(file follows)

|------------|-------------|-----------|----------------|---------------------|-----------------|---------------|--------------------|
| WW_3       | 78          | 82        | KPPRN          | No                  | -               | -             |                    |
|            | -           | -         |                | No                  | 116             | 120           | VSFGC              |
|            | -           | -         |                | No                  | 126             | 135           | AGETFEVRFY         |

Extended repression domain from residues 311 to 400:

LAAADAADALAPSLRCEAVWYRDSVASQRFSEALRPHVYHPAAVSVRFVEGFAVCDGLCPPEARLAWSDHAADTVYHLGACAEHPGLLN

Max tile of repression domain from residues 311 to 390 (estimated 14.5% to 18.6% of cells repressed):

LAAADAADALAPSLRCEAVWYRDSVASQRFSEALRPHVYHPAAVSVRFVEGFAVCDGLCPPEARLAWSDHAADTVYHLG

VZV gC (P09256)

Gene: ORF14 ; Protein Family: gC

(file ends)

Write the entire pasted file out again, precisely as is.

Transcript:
|------------|-------------|-----------|----------------|---------------------|-----------------|---------------|--------------------|
| WW_3       | 78          | 82        | KPPRN          | No                  | -               | -             |                    |
|            | -           | -         |                | No                  | 116             | 120           | VSFGC              |
|            | -           | -         |                | No                  | 126             | 135           | AGETFEVRFY         |

Extended repression domain from residues 311 to 400:

LAAADAADALAPSLRCEAVWYRDSVASQRFSEALRPHVYHPAAVSVRFVEGFAVCDGLCPPEARLAWSDHAADTVYHLGACAEHPGLLN

Max tile of repression domain from residues 311 to 390 (estimated 14.5% to 18.6% of cells repressed):

LAAADAADALAPSLRCEAVWYRDSVASQRFSEALRPHVYHPAAVSVRFVEGFAVCDGLCPPEARLAWSDHAADTVYHLG

VZV gC (P09256)

Gene: ORF14 ; Protein Family: gC